Abkhazian Parliament keeps in line with tradition - none of opposition members get key positions
A new composition of the Abkhazian Parliament elected its speaker and their deputies a few days ago. The heads of nine parliamentary committees and commissions will be named this week.
Parliament seems to keep in line with a tacit tradition, where all key positions go to the pro-governmental parliamentary majority group – none of the opposition members, or at least some independent MPs, have been elected to the steering bodies.
It’s more likely than not that the parliamentary majority will distribute the portfolios of the committee/commission heads in the same way among its members.
Historically, there is only one day of mass interest in the Parliament’s activity in Abkhazia, when even apolitical housewives are ready to tear themselves away from their TV series for at least an hour and talk politics with a business-like air. This day is the first session of the newly elected parliament.
Such an attitude to the first session has always been a mystery, for it is impossible to adopt a priori of any historical decisions or some very important law at the first session. It has a very limited agenda,which includes only staffing issues – the election of the Parliament Speaker and his deputies.
It seems, even the housewives are restless over that very staffing issue. They are so concerned about who will be elected to the key position, as if the latter, upon climbing up the presidium, would hand over to each viewer a map of the shortest way to communism.
The question that bothered everyone on the day of the Parliament’s first session, 12 April, was as follows: will there be live streaming of the parliament session? Even the militiamen, standing in cordon a block away from the governmental complex, were concerned about the TV broadcast, though it was not quite clear how they were going to watch it while on duty.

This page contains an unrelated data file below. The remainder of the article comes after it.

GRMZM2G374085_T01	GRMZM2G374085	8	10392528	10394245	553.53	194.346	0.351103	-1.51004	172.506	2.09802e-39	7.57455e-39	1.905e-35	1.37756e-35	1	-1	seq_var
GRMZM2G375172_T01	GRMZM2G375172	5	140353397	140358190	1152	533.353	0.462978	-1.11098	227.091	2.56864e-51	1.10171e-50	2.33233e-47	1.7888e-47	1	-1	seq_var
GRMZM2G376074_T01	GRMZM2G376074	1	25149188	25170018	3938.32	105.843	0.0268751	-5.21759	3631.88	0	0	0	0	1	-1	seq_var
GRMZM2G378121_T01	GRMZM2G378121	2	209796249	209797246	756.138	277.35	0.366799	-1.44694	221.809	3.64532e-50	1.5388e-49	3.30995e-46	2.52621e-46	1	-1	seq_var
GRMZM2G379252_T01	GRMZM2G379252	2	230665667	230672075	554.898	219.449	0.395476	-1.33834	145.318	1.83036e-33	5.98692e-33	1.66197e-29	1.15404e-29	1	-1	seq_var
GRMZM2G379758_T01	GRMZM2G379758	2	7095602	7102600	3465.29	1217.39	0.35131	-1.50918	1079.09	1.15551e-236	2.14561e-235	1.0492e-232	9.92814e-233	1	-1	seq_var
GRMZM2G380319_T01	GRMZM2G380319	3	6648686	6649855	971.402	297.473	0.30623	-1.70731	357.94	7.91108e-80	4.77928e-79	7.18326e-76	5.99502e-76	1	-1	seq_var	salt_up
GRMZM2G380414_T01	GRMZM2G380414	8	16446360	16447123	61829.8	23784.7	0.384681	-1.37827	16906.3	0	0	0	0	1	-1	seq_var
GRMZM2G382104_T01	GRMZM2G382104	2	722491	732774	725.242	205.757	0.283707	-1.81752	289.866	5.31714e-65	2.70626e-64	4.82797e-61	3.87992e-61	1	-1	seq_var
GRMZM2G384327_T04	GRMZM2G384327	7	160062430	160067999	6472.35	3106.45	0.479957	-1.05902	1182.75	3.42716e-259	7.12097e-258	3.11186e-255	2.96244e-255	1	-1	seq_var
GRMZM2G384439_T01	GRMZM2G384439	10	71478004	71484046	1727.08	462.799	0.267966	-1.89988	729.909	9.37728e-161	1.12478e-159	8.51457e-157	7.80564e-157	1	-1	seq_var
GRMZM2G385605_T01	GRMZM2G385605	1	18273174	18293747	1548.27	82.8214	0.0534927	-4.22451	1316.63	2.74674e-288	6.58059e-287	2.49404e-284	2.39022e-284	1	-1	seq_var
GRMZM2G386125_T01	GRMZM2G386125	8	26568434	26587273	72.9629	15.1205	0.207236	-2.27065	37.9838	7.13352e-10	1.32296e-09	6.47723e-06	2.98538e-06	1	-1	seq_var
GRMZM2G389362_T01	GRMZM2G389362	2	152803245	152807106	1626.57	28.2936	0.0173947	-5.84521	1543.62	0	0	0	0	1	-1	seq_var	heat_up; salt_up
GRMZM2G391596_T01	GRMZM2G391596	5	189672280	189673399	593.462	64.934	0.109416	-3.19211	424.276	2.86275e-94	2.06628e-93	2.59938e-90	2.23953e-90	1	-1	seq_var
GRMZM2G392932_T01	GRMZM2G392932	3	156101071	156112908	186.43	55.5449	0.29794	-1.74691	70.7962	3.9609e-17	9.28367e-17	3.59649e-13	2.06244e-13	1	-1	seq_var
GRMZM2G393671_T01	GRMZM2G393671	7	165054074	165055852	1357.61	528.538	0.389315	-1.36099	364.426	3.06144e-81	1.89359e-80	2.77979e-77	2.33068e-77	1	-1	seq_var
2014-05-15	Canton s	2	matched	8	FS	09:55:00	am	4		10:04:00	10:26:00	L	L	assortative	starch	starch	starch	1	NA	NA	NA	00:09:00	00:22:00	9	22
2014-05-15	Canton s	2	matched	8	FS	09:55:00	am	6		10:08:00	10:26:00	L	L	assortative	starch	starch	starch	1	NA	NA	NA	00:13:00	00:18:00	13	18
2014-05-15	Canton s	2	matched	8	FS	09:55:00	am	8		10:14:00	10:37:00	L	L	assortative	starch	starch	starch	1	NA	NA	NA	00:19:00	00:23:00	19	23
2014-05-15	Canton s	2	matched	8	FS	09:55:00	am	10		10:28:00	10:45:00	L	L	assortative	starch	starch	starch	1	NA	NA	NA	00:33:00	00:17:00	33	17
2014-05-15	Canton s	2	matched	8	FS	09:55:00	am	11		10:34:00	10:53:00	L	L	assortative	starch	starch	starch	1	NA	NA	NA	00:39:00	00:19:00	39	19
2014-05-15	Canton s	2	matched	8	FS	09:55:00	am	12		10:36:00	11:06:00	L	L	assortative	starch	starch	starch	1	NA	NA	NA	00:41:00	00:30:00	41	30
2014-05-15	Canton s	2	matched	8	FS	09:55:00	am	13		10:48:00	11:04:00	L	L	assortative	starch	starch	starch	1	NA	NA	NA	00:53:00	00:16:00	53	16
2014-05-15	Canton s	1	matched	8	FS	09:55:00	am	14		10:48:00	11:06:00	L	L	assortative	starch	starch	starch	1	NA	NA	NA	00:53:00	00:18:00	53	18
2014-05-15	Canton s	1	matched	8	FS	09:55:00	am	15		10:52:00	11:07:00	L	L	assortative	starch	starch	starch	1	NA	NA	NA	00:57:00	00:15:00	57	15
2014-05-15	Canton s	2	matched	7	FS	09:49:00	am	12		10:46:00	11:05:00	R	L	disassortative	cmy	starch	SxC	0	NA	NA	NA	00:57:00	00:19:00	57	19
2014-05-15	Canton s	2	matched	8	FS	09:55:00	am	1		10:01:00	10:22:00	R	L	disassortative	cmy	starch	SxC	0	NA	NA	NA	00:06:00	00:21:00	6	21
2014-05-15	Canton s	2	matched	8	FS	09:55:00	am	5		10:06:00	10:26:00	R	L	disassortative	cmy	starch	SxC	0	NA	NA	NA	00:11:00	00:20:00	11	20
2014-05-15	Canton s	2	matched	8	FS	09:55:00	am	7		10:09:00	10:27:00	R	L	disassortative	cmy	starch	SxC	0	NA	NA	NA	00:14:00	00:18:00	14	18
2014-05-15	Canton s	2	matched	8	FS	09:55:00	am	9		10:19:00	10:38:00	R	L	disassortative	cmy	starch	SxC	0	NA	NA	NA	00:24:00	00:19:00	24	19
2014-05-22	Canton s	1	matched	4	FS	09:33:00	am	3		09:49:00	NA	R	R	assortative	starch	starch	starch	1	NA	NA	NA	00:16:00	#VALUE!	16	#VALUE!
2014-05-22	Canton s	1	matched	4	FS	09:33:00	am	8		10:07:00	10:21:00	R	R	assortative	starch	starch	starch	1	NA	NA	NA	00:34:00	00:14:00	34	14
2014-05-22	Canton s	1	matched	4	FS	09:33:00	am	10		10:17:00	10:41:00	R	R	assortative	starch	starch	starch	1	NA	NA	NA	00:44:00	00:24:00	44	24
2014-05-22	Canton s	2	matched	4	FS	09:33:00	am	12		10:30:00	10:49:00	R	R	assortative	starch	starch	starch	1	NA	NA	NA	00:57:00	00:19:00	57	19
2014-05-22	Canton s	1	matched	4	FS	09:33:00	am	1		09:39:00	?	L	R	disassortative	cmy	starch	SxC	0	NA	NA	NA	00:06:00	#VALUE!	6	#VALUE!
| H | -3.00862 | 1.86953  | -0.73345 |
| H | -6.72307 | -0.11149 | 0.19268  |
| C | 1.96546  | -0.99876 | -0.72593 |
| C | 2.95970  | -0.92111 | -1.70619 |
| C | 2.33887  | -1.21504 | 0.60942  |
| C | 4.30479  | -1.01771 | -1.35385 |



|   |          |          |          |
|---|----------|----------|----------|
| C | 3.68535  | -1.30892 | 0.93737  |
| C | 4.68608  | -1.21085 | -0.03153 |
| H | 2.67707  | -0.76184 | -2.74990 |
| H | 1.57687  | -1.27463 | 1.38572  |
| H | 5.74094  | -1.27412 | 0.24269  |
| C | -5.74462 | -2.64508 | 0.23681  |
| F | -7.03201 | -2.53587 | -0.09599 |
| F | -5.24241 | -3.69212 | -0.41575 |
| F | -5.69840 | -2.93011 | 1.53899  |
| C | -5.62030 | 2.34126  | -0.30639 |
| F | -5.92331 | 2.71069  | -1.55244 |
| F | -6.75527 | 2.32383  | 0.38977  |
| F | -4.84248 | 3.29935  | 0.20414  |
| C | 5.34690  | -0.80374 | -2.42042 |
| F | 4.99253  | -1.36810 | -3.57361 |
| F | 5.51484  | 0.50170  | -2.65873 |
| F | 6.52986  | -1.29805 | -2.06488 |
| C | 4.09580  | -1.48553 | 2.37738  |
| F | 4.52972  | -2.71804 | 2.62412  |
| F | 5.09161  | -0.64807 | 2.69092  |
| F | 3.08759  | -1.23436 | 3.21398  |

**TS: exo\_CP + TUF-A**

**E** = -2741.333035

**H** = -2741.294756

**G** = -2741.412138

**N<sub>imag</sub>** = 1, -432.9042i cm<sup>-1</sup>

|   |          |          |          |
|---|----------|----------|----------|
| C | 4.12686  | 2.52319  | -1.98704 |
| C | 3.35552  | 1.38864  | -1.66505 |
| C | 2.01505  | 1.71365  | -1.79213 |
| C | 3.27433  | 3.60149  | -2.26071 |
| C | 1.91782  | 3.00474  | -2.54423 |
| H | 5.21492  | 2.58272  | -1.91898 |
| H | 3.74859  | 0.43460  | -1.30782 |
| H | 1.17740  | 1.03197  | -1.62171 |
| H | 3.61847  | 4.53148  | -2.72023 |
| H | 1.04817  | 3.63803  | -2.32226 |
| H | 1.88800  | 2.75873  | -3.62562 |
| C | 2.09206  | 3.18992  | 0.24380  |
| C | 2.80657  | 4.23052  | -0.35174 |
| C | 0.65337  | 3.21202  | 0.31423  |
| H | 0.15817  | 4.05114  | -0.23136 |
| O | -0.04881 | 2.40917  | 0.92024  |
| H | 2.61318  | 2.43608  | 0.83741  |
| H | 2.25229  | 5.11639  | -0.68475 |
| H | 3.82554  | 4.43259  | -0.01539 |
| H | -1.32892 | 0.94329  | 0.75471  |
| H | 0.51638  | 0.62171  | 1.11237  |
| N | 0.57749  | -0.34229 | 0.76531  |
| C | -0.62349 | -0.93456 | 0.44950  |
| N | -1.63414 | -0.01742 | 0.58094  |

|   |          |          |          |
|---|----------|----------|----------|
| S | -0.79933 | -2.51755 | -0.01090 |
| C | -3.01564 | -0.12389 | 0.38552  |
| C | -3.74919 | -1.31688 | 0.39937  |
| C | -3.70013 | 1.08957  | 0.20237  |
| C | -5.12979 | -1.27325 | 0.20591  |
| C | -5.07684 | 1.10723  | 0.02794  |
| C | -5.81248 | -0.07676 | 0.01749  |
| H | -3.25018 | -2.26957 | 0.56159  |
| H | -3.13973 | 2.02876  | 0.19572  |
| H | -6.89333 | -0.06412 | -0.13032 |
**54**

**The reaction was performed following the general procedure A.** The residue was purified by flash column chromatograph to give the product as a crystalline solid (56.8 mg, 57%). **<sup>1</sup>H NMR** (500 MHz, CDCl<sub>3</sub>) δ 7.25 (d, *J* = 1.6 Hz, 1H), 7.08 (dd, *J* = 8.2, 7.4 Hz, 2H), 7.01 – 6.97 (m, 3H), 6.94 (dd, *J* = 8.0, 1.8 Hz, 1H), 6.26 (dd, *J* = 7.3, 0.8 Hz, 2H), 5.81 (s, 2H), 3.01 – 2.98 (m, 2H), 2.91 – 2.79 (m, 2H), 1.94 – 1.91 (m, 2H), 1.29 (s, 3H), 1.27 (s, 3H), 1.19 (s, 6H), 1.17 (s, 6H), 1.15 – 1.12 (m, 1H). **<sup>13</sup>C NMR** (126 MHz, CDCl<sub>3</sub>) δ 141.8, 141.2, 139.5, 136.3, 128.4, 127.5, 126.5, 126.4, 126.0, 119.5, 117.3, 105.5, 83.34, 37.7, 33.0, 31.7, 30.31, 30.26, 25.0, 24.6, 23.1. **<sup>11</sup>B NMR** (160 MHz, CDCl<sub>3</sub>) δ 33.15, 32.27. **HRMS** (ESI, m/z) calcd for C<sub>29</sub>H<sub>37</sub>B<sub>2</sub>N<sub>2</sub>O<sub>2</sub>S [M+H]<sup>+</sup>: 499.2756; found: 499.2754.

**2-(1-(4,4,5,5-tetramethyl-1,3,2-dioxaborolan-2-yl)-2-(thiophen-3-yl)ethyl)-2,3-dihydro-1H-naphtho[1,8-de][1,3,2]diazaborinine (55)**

Up until the very beginning of the session, there was a tumultuous voting on social media as to who is going to hold the Speaker’s post. Alexander Ankvab, ex-president of Abkhazia and currently the opposition leader, secured the victory among the Facebook users with the overwhelming majority of votes.
However, there is a strong contrast between reality and fiction. Alexander Ankvab stood no chance to be elected as the Speaker, given the present-day composition of the Parliament, and he himself realized that pretty well. 20 out of 35 MPs are regarded as pro-presidential and they will, under no circumstance, vote for an ex-president or for anyone who is not from their circle.
Under the existing regulations, the first session was opened by the eldest MP, Valery Kvarchia. Valery Yeremeevich is not just the eldest, but also the most experienced lawmaker. He has been in Parliament for 20 years, with a few small intervals.
He was the first to be nominated for the Speaker’s post.
The opposition group and those who regard themselves as independent MPs, paid respects to Kvarchia, but they still suggested Batal Tapagua, ex-Chair of the Central Election Commission and currently an MP, for the Speaker’s post.
Those two surnames – Kvarchia and Tapagua, had been named as would-be speakers many days before the launch of the new Parliament’s work. So, things too openly followed a pre-set scenario or scenarios.
Another nomination was made by Almas Jopua, the only member of the ‘Aynar’ party enjoying the reputation of a ‘rebel’. He came to the first session wearing Cherkeska (chokha, a wool coat, a traditional male dress), with a dagger and a pistol. But he spoke in a calm and peaceful manner. He nominated Ilia Gunia, a leader of the ‘Aruaa’ veterans’ movement, for the Speaker’s post. However, the latter has withdrawn his candidacy.
As a result, Kvarchia gained 20 votes, Tapagua – 10. Four ballot papers were declared void. Thus, Valery Kvarchia has been elected as the Parliament Speaker.
The election of three deputies turned out to be an easy process. Sayid Kharazia, Levon Galustyan and Mikhail Sangulia were nominated for the deputy speaker posts. The only woman, Natalia Smyr, who, in some mysterious way managed to get into the company of such strong men in the current parliament, was also named as a candidate. But she has since withdrawn, with the opposition not nominating anyone from the group, though even if it had proposed its candidates, they would unlikely have been elected.
As a result, there was no competition for the three vacant positions. In this respect, the Abkhazian parliament is traditionally conservative. The winner takes it all, which is probably the reason why the Abkhazian apolitical housewives are so interested in the staffing issue.